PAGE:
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When you have a growing family, you’re plenty busy — one of the last things you want to add to your to-do list is packing up boxes of your belongings and then unloading them a short while later. But if your family has outgrown your home, it may be what you’re faced with. And there’s a lot to think about during this process.

“Deciding whether to move or buy a new home is a very personal decision,” Jeremy Wacksman, the chief marketing officer at Zillow, said in an email. “A house is not only one of the biggest purchases you’ll ever make, but it’s also the place where you and your family will live and grow together.”

If you’re thinking your family needs a new home because you’ve outgrown your current one, here are six things you should consider.

1. What Will Your Commute to the Office Be Like?

It’s important to think about what affect your move will impose on your commute to work. Wacksman recommends asking yourself how long you are willing to spend on your commute and if there are good public transportation alternatives you can consider. In addition to how long you’ll spend going to and from the office, you may want to think about the cost of your commute and see if it fits into your budget. In fact …

2. … What Will Your Budget Allow?

Your commute may cost more or less, depending on where it is in relation to the office, but that’s not your only expense. Of course, if you’re looking for a new home to accommodate your growing family, it’s likely going to cost you more money. Review your budget — including what bills and loans you have to pay — and get an idea of what you have left to pay for a new home. To help, you can use this tool to discover how much house you may really be able to afford.

3. How’s Your Credit?

Your credit is a determining factor in what mortgage you get, including the interest rate terms and additional charges that may accompany your home loan. It’s a good idea to look at your credit before you apply for a mortgage so you have an idea of where you stand and if you should do any work to improve your credit before applying so you can get better terms and conditions. You can get a copy of your free annual credit reports from each of the major credit bureaus — Equifax, Experian and TransUnion — by visiting AnnualCreditReport.com. You can also see two of your credit scores for free, updated every 14 days, on Credit.com.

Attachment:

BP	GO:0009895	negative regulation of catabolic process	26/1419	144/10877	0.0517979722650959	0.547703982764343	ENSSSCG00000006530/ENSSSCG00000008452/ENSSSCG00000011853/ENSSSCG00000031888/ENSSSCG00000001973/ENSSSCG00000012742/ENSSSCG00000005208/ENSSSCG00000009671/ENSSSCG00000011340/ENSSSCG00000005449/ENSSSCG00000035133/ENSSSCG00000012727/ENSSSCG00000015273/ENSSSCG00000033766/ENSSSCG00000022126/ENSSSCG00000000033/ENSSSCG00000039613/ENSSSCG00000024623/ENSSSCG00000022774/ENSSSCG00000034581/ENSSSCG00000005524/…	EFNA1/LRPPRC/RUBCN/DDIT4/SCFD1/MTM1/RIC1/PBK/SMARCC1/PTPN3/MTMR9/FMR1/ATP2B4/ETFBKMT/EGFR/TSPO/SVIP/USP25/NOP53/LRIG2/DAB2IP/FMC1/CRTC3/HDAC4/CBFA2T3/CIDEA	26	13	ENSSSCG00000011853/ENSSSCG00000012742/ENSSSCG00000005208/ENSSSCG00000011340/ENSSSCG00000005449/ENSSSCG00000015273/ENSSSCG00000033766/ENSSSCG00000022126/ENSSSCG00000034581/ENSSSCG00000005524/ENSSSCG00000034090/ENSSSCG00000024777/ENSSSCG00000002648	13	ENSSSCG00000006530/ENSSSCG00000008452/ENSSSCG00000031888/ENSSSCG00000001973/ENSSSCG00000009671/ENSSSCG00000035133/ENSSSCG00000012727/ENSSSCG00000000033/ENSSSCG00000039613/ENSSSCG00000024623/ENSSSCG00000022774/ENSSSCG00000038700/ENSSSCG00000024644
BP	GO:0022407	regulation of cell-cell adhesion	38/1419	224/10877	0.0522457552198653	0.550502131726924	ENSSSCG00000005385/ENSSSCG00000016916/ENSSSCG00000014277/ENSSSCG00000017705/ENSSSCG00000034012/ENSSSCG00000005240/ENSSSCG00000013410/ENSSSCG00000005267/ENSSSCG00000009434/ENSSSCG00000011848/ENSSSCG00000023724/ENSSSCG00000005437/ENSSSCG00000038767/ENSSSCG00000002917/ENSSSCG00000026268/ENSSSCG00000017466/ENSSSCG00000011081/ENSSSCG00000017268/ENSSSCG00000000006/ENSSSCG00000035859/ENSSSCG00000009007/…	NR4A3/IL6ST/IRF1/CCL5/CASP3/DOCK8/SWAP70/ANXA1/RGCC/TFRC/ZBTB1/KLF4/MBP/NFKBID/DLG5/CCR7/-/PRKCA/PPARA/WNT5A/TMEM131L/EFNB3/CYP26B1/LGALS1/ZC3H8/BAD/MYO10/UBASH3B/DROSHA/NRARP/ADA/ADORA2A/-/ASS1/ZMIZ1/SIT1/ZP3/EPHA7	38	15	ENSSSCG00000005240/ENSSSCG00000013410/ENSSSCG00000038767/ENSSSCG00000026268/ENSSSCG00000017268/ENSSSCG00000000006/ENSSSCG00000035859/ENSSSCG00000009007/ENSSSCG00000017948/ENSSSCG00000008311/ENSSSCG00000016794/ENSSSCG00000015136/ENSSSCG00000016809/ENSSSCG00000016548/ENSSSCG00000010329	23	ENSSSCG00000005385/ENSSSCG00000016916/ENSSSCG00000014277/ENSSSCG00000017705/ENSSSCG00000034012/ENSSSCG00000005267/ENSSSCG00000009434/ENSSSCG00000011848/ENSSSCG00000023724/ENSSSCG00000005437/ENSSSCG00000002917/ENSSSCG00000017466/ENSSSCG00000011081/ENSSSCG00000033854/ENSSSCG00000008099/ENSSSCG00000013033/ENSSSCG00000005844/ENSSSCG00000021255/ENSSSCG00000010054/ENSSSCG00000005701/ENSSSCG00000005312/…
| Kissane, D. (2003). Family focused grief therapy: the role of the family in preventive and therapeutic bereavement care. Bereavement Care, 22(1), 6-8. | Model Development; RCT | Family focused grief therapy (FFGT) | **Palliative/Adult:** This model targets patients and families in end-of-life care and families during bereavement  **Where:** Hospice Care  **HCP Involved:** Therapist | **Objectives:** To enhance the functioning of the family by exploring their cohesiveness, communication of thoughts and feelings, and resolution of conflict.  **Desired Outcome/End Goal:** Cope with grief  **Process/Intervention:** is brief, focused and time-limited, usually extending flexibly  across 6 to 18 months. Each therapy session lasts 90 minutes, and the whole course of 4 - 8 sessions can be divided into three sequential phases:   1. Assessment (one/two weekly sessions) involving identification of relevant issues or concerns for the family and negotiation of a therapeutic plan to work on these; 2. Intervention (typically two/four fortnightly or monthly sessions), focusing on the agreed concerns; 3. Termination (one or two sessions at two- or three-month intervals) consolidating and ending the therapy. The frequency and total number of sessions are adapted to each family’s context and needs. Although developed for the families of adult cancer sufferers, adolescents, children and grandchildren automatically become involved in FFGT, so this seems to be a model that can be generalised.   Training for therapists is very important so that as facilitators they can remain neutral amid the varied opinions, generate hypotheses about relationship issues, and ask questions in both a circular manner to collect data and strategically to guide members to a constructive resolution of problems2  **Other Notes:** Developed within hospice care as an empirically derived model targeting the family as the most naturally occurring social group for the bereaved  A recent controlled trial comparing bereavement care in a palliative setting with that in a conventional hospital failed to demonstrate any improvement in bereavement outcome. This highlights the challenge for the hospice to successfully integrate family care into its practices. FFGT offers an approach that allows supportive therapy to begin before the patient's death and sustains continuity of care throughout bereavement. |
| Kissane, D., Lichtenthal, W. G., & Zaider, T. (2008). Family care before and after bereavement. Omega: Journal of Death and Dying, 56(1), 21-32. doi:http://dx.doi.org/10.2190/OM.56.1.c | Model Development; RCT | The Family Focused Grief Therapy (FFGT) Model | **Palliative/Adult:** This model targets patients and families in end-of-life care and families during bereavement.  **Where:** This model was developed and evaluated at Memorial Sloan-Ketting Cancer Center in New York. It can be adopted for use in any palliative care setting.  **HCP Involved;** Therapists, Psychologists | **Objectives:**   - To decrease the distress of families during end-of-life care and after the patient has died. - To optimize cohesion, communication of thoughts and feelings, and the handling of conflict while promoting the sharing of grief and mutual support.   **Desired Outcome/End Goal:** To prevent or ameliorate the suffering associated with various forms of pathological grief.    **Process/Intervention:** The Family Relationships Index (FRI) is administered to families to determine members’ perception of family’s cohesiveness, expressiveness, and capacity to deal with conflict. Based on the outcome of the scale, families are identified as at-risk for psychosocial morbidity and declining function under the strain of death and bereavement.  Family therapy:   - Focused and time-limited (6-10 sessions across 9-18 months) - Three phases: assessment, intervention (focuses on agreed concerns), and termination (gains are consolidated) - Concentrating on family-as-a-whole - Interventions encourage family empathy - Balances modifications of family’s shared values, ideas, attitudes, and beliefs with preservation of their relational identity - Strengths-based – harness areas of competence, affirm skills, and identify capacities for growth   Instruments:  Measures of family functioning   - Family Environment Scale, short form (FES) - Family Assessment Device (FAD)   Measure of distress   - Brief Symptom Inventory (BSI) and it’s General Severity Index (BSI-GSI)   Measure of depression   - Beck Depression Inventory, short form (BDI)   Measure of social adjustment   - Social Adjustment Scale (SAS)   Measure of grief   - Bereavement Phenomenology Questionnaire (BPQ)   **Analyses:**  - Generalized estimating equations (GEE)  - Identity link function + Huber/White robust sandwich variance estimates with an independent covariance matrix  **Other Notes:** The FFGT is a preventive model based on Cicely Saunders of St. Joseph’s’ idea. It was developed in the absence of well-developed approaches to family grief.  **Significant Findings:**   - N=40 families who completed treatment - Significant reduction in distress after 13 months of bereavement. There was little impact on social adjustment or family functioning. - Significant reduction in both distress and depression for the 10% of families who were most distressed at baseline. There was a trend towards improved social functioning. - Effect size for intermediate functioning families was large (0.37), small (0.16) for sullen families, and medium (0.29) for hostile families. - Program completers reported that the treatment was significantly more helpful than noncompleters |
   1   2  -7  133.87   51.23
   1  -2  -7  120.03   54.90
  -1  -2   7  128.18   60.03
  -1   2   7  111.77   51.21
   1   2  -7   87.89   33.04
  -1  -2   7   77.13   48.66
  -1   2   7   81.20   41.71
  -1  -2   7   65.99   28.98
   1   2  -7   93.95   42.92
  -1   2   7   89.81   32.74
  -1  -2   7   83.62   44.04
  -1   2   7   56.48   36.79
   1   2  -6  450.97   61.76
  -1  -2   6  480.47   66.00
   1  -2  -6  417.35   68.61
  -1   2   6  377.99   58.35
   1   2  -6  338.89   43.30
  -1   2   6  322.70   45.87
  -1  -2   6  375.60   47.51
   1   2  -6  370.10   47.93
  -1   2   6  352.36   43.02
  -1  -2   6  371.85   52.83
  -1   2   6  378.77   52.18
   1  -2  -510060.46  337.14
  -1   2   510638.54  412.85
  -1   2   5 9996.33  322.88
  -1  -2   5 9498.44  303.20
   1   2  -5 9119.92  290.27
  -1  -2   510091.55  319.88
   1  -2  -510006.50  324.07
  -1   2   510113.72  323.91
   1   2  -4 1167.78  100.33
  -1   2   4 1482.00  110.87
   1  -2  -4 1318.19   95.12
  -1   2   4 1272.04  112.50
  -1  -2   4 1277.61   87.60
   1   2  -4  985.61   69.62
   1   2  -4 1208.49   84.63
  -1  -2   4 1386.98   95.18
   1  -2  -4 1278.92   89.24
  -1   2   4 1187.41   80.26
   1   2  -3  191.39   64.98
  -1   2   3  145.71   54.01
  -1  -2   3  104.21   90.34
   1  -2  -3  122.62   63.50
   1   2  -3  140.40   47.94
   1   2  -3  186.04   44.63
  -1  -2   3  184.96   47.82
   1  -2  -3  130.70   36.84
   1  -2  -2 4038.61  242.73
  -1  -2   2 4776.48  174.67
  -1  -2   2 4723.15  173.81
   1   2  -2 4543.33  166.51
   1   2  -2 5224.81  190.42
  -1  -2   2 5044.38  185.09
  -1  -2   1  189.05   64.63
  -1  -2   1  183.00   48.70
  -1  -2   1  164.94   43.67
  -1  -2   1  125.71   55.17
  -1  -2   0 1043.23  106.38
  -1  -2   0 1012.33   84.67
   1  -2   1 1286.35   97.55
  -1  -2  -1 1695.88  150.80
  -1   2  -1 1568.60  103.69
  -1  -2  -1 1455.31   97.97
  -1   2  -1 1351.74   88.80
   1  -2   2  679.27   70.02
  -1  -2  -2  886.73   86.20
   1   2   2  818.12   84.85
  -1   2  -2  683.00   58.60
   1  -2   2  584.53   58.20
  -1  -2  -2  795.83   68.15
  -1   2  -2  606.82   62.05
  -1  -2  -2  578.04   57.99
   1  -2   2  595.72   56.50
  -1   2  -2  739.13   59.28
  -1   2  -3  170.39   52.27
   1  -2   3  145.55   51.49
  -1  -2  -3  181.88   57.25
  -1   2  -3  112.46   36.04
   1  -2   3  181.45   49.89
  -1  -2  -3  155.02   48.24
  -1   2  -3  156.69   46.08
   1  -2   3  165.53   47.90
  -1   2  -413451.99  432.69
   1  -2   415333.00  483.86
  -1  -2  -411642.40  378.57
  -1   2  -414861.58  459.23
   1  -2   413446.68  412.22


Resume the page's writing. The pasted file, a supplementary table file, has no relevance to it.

4. What New Amenities Do You Need?

As you consider your home upgrade, decide what the ideal scenario looks like and what the absolute essentials are. “From additional bedrooms or bathrooms, to a larger yard or kitchen for entertaining, make sure to have a list of what features you and your family need most,” Wacksman said.

5. Would a Remodel Suffice?

Now that you’ve decided what you absolutely need to make your home more comfortable for you and your family, it’s time to consider if your current home could be upgraded to accommodate your needs.

“Depending on your needs, sometimes remodeling might be a good option for homeowners rather than buying a new home,” Wacksman said. “Maybe you love the location of your current home, but dream of having a bigger kitchen” so a remodel would be the more cost-effective option.

6. Consulting with an Agent for Guidance

“One of your biggest assets when buying a home is your real estate agent,” Wacksman said. “They’re really your local expert and can help you save time, money and work with you to understand what homes might fit best for your family’s needs.”

Image: andresr

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